“They wanted to communicate that it was a combination of different noodles. So they went with some other Asian noodles that they thought international audiences might be more familiar with … the amount of screen real estate that you have to take up to explain jjapaguri – the whole screen would be [subtitles] trying to explain what it is.”
As a result of the success of Parasite, Flinn says, many people have tried to make ram-don and have recorded themselves cooking and eating it, before uploading it online. This is not, however, something Koreans would eat on a daily basis.
Parasite uses plenty of other food references to highlight economic disparity. In one scene, the Kims, who live in a sub-basement flat, construct cardboard pizza boxes. A storyline that runs in the background of the film that non-Korean viewers may not pick up on is that the Kims were once middle class, but have since fallen on hard times.
Flinn says it is mentioned a few times in the movie how the Kims lost their money on a franchise.
“When South Koreans are forced into retirement, they don’t necessarily have enough money to live on for the rest of their lives. They move from being in a company to opening their own restaurants or businesses – and these are really commonly [seen] things, like fried chicken franchises. If they don’t do well, people often lose their retirement savings.”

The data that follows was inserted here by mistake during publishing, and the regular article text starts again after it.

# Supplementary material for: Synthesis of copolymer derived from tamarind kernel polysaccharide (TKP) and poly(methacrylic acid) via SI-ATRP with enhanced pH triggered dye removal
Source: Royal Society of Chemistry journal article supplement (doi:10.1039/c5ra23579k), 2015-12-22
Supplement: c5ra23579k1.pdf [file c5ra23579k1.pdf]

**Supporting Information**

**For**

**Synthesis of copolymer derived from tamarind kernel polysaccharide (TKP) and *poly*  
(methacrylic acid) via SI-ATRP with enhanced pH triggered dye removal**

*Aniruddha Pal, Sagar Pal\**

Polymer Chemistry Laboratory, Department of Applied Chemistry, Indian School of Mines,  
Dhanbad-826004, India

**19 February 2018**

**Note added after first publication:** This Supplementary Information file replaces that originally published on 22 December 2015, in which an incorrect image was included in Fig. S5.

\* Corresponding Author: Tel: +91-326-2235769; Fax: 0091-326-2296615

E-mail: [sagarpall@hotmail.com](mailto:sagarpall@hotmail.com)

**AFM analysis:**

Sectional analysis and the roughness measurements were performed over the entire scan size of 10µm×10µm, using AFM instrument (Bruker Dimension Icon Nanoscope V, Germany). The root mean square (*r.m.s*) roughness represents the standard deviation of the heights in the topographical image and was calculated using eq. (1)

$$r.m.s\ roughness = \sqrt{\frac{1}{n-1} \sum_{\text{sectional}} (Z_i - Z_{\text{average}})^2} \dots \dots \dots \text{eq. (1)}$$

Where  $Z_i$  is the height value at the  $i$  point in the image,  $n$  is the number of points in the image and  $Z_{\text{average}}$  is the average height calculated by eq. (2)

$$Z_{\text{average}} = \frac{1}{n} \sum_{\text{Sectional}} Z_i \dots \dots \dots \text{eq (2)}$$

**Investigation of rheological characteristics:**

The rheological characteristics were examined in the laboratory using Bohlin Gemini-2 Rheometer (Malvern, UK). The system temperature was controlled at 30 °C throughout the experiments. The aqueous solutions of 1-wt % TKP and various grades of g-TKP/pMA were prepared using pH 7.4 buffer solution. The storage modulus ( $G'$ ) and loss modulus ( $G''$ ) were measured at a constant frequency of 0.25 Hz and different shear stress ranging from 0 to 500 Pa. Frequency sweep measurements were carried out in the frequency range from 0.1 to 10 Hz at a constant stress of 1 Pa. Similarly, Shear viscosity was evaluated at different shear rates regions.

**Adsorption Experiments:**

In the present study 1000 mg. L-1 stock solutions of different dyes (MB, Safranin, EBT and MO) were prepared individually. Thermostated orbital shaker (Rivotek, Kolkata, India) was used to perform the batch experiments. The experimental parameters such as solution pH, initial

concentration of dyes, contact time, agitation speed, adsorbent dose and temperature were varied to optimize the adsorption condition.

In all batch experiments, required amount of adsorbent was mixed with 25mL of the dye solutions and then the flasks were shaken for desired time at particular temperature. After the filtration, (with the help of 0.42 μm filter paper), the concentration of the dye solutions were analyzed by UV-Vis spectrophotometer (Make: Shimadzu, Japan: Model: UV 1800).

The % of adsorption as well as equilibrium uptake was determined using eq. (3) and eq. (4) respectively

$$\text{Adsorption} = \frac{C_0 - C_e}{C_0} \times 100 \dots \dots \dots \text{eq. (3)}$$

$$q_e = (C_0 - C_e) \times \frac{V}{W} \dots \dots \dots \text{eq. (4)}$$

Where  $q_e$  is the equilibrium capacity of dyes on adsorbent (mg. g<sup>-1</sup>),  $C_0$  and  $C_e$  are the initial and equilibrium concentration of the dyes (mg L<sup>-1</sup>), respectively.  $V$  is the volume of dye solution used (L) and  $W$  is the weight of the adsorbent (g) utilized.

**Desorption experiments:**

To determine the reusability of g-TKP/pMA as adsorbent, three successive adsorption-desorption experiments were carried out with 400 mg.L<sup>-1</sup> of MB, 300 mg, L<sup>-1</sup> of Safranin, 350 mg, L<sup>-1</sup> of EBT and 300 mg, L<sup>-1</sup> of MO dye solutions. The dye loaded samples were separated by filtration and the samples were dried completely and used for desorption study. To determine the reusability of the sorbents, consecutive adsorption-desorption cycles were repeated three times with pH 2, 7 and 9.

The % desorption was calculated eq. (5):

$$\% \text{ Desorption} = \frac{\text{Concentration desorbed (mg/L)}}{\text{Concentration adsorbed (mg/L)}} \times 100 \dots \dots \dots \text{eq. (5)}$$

Back in Hong Kong, Do is thrilled at the huge success of Parasite, saying the film has helped to strengthen the Korean identity outside the country. Do immigrated to Canada when he was 10, so he was not very familiar with jjapaguri until his girlfriend made it for him several years ago. He’s been hooked ever since.
“I left Korea when I was really young and, in my experience, I’ve never felt like people know Korea. It’s just this small country in Asia. But now, everything’s changed. Now, people know [the cities of] Busan, Gwangju, not just Seoul,” he says.
“Like wine, [the global recognition of Korean identity and culture] was fermenting for a very long time, with things like K-pop, K-dramas and food. Now Parasite has popped it – the bottle has opened.”
Slurping down his bowl of jjapaguri topped with Hanwoo beef, he says he’s “proud of Parasite and ram-don”. Why?
“Because jjapaguri is my favourite.”
Additional reporting by Yang Yang